If you have been reading my blog for a while, you'll know that I often read books that I found as free ebooks on Amazon's kindle shop - free mostly because their authors have been dead more than 70 years (which means their works are, if not specifically protected, available to be published for anyone who wishes to do so) and/or the authors are relatively unknown today. Many of the books I have been reading through this rather random way of choosing were published in the 19th century, or very early on in the 20th century. So, the one I am about to review now is comparatively modern:
"Scarhaven Keep" was first published in 1922, at a time when people were already well used to telephones, telegrams, trains and cars, although it was still a long way from phones and cars becoming everyday objects for nearly every household, even the more modest ones.
It is a detective story set in a picturesque fishing village on England's north coast, Scarhaven, with the ruins of an old castle keeping watch over it. There are dangerous cliffs for those who don't know their way around, and even a place called "Devil's Spout" which the natives say is a bottomless hole where nothing that has gone in has ever come out again.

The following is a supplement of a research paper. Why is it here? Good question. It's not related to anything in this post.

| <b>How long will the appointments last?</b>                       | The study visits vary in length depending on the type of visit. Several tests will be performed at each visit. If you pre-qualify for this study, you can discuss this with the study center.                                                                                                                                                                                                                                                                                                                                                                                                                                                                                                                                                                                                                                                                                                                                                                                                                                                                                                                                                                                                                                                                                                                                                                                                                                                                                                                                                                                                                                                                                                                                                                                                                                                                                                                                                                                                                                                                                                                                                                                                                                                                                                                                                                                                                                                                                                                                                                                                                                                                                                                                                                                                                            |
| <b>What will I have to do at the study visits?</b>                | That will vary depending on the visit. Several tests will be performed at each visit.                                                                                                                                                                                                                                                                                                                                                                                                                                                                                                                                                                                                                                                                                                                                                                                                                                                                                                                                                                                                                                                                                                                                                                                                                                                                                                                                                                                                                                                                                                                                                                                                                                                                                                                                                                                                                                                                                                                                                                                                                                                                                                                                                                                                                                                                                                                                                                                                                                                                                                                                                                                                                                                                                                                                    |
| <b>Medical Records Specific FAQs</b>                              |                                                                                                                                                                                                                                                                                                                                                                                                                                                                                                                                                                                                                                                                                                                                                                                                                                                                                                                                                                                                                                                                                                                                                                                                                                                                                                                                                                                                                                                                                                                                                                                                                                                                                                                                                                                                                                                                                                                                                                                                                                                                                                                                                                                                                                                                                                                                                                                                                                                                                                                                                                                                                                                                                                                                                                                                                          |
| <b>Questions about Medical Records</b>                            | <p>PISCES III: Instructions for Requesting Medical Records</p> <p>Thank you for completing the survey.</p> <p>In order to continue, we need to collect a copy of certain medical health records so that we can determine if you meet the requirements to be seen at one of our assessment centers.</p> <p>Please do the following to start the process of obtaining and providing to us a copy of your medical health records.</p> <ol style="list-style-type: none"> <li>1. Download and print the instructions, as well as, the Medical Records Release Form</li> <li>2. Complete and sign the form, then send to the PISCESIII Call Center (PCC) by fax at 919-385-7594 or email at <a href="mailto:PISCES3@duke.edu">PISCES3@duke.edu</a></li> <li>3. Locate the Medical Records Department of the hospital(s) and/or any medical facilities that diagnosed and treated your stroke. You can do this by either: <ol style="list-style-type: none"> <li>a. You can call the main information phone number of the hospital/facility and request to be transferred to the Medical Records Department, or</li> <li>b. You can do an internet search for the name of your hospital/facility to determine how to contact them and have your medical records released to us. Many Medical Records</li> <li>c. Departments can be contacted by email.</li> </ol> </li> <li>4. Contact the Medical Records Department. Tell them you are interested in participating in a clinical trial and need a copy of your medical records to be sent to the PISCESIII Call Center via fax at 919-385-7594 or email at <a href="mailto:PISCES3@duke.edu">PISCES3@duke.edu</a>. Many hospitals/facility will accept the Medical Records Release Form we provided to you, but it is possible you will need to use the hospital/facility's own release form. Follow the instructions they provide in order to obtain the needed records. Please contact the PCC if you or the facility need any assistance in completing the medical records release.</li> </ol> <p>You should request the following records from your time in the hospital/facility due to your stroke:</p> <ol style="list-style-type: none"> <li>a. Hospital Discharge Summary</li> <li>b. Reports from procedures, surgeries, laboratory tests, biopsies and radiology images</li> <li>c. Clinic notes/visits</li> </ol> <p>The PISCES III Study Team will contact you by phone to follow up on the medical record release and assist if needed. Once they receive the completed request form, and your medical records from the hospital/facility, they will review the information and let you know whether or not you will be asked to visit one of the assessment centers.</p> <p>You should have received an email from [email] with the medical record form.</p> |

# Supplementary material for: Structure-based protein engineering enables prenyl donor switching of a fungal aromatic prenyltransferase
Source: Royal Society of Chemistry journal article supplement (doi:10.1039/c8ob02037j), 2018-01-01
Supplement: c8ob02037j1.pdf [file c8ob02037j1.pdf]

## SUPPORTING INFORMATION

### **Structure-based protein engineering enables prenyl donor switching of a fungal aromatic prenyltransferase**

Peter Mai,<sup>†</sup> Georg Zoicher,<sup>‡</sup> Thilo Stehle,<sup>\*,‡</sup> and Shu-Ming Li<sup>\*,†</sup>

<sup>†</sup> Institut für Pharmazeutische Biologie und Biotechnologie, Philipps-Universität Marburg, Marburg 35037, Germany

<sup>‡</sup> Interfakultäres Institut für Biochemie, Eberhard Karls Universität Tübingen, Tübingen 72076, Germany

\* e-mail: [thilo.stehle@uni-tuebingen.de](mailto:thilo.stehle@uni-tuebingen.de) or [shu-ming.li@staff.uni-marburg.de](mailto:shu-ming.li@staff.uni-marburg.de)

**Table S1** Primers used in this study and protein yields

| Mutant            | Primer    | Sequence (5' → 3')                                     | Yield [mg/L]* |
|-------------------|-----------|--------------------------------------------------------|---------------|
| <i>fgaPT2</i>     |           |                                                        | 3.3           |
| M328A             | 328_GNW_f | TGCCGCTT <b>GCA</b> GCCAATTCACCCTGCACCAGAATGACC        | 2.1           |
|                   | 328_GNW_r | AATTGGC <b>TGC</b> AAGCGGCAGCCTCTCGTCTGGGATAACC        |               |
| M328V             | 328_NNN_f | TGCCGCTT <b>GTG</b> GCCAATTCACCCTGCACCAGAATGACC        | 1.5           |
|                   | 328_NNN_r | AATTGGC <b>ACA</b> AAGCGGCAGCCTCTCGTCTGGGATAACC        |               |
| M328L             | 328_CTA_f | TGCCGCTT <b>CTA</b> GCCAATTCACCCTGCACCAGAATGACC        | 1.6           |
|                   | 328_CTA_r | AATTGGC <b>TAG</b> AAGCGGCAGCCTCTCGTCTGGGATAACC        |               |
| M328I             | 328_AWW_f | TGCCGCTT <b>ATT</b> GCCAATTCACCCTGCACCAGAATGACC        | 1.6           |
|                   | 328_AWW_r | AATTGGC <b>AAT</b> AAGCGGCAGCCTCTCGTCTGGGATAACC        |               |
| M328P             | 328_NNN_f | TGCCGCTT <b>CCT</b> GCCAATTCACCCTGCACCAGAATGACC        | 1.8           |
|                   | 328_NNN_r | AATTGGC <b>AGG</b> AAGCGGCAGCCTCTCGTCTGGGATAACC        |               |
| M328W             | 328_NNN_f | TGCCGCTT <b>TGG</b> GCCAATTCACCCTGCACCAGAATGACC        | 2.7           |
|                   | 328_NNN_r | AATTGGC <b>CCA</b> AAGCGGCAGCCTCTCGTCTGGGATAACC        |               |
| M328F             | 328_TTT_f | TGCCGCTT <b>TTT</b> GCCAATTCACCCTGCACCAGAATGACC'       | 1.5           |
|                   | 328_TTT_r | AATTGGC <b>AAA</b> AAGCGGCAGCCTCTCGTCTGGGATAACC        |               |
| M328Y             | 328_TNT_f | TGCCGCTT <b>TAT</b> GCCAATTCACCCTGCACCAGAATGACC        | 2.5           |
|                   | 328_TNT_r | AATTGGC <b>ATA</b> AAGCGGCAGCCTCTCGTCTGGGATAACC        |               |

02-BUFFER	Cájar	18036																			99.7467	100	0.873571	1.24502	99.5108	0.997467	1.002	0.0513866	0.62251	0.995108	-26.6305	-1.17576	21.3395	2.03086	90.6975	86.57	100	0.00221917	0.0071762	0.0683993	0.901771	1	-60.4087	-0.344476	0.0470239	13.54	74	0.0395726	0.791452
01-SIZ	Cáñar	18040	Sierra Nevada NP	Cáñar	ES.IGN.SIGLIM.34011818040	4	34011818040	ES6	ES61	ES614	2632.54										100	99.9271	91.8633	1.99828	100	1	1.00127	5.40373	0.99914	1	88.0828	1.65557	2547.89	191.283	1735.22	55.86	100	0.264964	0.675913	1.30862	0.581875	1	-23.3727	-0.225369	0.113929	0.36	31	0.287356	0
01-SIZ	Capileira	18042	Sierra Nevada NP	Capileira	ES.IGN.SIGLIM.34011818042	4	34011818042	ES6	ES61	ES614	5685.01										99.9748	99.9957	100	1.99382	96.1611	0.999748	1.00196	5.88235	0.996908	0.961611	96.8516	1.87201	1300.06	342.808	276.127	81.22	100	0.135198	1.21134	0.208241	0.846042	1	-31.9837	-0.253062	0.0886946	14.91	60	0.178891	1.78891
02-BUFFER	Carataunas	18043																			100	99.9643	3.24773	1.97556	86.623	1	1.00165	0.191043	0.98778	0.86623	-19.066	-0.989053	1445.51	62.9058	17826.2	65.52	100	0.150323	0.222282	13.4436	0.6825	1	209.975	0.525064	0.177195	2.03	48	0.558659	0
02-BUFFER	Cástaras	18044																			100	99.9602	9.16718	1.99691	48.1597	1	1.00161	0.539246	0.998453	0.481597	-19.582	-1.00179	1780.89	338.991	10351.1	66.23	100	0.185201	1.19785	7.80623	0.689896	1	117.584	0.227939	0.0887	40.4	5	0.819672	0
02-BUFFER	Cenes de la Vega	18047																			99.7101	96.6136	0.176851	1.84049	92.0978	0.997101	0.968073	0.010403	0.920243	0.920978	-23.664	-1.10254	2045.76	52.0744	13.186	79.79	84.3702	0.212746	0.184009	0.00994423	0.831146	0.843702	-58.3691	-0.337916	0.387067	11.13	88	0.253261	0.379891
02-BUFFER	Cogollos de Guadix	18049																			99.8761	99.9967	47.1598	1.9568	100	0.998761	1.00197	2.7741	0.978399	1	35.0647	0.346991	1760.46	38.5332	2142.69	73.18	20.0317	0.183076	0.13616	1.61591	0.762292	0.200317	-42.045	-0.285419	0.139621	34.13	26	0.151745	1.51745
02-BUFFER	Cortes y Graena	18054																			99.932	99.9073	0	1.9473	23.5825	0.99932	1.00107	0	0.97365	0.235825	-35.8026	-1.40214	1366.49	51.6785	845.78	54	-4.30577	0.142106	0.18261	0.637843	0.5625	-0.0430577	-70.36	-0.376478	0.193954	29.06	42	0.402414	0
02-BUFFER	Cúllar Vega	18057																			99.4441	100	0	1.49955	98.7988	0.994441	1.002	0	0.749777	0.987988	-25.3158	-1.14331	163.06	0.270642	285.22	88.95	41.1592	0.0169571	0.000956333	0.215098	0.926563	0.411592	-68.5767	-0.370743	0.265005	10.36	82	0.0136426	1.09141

A young playwright arrives for a meeting with a famous actor and producer to talk about a play they want to produce together, only to find that the man has not been seen since the weekend. Everybody agrees that not turning up for an appointment is very uncharacteristic for the famous man, and the young playwright finds himself drawn into the mysterious case of the actor's disappearance very soon. It seems he has nothing better to do, and so he teams up with those who want to find out what happened.
In the course of the story, we come across murder (really?), an impostor, a young lady who is very sensible and another young lady who plays a rather mysterious role, her very unpleasant character of a father, a good-hearted poacher, a ship's captain who has more to him than meets the eye, an invalid curate who turns out to be neither invalid nor a curate, and many more. The cast is fun to look at (mentally, of course - there are no pictures, but you can imagine them all quite well), the places have charm, and everything is logically explained - something I really like in detective stories.
The reader never has to guess at "how did they do that?", but every time something is organized, the characters explain what they are about to do; who is to take which train, where and when they are to be reached by phone, and so on.
I really liked this book. There were some surprises, although the romantic interest was clear from the moment the woman appears in the book for the very first time. But romance is not the main feature of the story; it is all about finding out who did what, and why, and when.
Scarhaven and the other places featuring in the story, such as Norcaster and Northborough, do not really exist. But the way they are described, and the place names themselves being so similar to Scarborough, Doncaster etc., make me think the author had Yorkshire in mind.
Speaking of the author, I found a mini-biography about him here. Should I happen to come across another one of his books for free at the kindle store, I will download it.
A detail I found interesting: The sentence "mum's the word" appears in this book, just as "mug" used to mean someone's face. I didn't know these expressions had already been around in the 1920s.